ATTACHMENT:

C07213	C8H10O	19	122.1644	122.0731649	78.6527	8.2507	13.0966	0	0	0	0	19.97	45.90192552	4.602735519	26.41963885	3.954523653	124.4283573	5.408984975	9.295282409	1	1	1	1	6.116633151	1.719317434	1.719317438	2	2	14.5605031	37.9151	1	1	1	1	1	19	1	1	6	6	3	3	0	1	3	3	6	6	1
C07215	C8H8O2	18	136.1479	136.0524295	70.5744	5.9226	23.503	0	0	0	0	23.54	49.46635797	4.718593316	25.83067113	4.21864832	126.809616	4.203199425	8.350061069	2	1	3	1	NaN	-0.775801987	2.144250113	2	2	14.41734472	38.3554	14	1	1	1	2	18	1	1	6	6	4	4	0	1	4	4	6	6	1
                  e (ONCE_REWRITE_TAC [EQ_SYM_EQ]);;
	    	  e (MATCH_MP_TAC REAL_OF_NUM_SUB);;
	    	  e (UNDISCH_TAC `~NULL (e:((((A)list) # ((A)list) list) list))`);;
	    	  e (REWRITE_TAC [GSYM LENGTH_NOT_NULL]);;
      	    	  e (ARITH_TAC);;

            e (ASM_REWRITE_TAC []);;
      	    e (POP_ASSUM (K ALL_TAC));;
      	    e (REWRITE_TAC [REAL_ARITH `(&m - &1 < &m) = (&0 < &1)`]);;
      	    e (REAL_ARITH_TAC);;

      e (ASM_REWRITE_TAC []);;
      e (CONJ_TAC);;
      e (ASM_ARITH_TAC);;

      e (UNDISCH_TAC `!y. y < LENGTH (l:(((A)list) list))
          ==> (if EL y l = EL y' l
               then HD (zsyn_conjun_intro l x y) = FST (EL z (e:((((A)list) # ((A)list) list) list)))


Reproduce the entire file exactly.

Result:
C07213	C8H10O	19	122.1644	122.0731649	78.6527	8.2507	13.0966	0	0	0	0	19.97	45.90192552	4.602735519	26.41963885	3.954523653	124.4283573	5.408984975	9.295282409	1	1	1	1	6.116633151	1.719317434	1.719317438	2	2	14.5605031	37.9151	1	1	1	1	1	19	1	1	6	6	3	3	0	1	3	3	6	6	1
C07215	C8H8O2	18	136.1479	136.0524295	70.5744	5.9226	23.503	0	0	0	0	23.54	49.46635797	4.718593316	25.83067113	4.21864832	126.809616	4.203199425	8.350061069	2	1	3	1	NaN	-0.775801987	2.144250113	2	2	14.41734472	38.3554	14	1	1	1	2	18	1	1	6	6	4	4	0	1	4	4	6	6	1
                  e (ONCE_REWRITE_TAC [EQ_SYM_EQ]);;
	    	  e (MATCH_MP_TAC REAL_OF_NUM_SUB);;
	    	  e (UNDISCH_TAC `~NULL (e:((((A)list) # ((A)list) list) list))`);;
	    	  e (REWRITE_TAC [GSYM LENGTH_NOT_NULL]);;
      	    	  e (ARITH_TAC);;

            e (ASM_REWRITE_TAC []);;
      	    e (POP_ASSUM (K ALL_TAC));;
      	    e (REWRITE_TAC [REAL_ARITH `(&m - &1 < &m) = (&0 < &1)`]);;
      	    e (REAL_ARITH_TAC);;

      e (ASM_REWRITE_TAC []);;
      e (CONJ_TAC);;
      e (ASM_ARITH_TAC);;

      e (UNDISCH_TAC `!y. y < LENGTH (l:(((A)list) list))
          ==> (if EL y l = EL y' l
               then HD (zsyn_conjun_intro l x y) = FST (EL z (e:((((A)list) # ((A)list) list) list)))